If it wasn’t true, then I had cause to become grateful to the offender for helping me face the fear; the fear which had remained hidden within myself. The offender was cause for me to notice baggage I didn’t even know I was carrying, and thus become free of it.
If it was true, then I could either embrace that hidden aspect of myself or challenge myself to grow beyond that place or behaviour.

So, now days I try to remain grateful and curious when offence comes – unless I forget, and then I have to endure that yucky feeling until I remember to challenge myself again.

Taking responsibility for my own feelings has been one of my most freeing experiences.


Contradiction #8

Other people are not a source of peace or happiness;

but something deeper –

an experience of ourselves.

Yet, without other people,

we may not experience peace or happiness.

~ Kelly Hartland

Contradiction #2

In order to clean anything up –

you must first make a bigger mess of it.

~ Kelly Hartland

Deep feelings

If to take offence

is 10% actuality and 90% actualised fear –

who is the offender?

~ Kelly Hartland


The hard knocks in life

can give us our strongest

and most striking features.

~ Kelly Hartland

Unexplored terrain

There are endless journeys,

discoveries and mountains to conquer –

just within yourself!

~ Kelly Hartland

Mirrored Window

What if A Window Was A Mirror?

I would see me, adorned and adorning; projecting.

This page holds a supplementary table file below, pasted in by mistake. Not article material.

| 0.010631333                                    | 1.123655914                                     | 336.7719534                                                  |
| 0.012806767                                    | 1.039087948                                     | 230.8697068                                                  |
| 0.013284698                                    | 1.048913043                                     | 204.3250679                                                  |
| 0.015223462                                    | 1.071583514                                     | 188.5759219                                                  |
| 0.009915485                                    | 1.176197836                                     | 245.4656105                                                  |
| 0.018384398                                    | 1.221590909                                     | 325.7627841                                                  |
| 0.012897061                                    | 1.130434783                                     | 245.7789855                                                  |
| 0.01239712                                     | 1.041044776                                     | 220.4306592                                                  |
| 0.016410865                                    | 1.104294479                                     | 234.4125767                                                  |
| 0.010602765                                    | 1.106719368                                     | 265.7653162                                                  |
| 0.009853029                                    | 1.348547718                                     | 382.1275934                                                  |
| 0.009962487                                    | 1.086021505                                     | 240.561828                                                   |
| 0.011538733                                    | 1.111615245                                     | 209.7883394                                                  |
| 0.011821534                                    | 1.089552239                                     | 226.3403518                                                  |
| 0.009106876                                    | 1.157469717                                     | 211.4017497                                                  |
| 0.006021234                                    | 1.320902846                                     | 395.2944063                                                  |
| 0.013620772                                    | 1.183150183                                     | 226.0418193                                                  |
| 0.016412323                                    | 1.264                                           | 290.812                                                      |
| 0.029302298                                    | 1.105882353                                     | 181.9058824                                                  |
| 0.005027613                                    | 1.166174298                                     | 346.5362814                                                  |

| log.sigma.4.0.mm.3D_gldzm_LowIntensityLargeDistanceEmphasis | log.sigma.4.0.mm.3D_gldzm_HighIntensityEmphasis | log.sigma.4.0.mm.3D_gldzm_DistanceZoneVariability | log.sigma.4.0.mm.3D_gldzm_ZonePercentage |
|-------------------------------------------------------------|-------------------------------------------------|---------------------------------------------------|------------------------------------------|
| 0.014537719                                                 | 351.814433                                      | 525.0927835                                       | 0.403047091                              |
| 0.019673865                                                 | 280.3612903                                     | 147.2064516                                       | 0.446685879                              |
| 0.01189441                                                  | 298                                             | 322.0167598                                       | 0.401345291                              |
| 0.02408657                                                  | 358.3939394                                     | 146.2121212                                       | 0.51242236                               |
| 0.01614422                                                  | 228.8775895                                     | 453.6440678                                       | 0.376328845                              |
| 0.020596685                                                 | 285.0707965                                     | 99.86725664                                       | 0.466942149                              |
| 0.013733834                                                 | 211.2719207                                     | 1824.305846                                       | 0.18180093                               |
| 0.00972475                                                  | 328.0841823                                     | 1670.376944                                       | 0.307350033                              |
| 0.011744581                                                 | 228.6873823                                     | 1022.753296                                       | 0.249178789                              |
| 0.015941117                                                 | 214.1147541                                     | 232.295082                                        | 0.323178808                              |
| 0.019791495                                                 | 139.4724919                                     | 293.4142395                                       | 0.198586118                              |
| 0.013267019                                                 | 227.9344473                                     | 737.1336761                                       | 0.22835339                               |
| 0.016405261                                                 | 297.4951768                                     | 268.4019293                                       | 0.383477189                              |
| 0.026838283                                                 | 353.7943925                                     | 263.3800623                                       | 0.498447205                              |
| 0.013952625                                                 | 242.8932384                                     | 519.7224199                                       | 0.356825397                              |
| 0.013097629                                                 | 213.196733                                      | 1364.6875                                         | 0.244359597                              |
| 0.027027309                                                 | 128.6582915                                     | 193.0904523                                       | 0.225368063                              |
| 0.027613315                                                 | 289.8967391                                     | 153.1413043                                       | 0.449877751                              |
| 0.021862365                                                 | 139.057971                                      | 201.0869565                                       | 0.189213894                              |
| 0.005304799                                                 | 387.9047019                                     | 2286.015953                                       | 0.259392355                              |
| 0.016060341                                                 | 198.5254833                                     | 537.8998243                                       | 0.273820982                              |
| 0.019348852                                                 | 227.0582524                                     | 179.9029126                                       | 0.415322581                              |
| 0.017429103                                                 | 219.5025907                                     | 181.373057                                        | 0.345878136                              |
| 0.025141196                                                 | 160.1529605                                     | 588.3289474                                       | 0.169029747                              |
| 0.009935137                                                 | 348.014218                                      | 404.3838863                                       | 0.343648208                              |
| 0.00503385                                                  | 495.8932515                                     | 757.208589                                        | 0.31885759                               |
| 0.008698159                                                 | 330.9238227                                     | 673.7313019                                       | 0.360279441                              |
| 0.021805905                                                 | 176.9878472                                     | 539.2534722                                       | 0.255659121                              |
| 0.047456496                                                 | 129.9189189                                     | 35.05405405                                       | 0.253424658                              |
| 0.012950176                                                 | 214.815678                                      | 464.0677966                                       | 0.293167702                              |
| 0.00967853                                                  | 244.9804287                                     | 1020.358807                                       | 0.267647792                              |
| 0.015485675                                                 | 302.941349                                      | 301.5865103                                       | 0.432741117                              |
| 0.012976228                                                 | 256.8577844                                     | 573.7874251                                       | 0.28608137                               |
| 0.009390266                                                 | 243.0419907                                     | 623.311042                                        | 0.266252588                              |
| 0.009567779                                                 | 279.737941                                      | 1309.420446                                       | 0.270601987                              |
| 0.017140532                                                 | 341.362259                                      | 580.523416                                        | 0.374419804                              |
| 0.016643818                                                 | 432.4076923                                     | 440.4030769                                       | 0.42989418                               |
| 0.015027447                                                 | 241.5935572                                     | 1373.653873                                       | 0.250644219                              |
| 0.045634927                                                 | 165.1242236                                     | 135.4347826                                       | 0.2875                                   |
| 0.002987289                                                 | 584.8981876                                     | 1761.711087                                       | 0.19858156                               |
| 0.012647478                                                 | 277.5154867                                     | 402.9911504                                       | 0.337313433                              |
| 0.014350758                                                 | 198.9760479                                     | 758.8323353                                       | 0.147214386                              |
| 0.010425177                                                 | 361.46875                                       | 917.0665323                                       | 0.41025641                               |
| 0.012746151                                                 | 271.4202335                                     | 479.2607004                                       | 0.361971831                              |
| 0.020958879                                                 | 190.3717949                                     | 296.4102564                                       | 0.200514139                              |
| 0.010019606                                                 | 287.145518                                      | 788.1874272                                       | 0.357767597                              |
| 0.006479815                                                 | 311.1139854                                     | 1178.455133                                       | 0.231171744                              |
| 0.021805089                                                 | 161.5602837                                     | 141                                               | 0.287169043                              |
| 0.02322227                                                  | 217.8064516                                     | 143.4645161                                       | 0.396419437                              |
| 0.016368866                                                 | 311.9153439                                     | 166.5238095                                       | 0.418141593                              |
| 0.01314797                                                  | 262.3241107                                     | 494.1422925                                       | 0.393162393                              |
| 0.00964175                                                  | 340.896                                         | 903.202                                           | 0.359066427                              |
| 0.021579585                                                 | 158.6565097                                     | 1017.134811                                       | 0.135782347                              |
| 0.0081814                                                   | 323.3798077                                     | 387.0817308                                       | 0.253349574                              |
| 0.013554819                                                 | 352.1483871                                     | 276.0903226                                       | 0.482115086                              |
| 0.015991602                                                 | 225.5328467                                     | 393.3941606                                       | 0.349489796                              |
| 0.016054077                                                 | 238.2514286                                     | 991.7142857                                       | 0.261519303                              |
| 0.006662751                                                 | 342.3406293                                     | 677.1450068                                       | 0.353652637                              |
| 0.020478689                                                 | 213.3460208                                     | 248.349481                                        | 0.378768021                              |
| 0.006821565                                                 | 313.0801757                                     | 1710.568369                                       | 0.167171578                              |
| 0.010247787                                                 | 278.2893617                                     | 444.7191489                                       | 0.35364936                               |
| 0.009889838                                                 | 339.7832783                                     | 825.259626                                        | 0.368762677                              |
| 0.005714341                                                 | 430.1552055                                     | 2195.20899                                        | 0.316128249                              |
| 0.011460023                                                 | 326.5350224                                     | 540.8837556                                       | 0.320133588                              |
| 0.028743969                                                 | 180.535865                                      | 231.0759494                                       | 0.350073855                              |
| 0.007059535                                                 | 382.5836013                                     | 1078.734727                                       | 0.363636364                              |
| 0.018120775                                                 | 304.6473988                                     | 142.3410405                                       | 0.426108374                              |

I would see this as a form of imprisonment – like
my addiction to identity, consumerism, or trying to appease my God; not knowing
if it’s His voice, or just mine.

Would I notice, and therefore feel frustrated, that I can never
truly understand myself – knowing there are parts of me and my life
I can never access?

I am a mystery beyond my comprehension.

If I did know this about myself, would I then know that if I can barely
comprehend my entirety – how can I judge myself?
How can I judge you?

This mental illumination would then show hypocrisy in the shadows of me, of us –
that would be okay wouldn’t it? To cast light within?
To be honest with myself, and have myself be honest with me; this would be the beginning.

What If A Mirror Was A Window?

Would I see possibilities within me?

Would I see me forgiving another, before seeking an apology?

Would I see that virtue is more than the act of giving, but is,
the act of giving in secret?

Would I see that all conflict is the direct result of control?
Would I feel prompted to ask myself, ‘who is trying to control whom in this moment of conflict?’

Would I see that conforming to the convictions of another,
is to deviate from my own?

Would I see the selfishness in not living up to my full potential?

Would I not see how focusing on my own drama’s is me procrastinating?

If I could see all of this, would I not also see how every time I feel offended
by another, it is actually me offending myself through the lips of another? My fears
unwilling to be recognised; wanting to wear a mask.

Then I see that self-evaluation will douse all fire of contempt.

I see that life is an enigma, and when I try to piece it together; it crumbles
into reality.

I notice now that I am looking into a window, a window that is dim with reflection;
and I see humility.

~ Kelly Hartland

Colour in the grey

When one accepts great pain into one’s heart

and allows it to meld with grace,

the heart is then primed to comprehend all nuances of feeling –

feelings worthy of celebration.

~ Kelly Hartland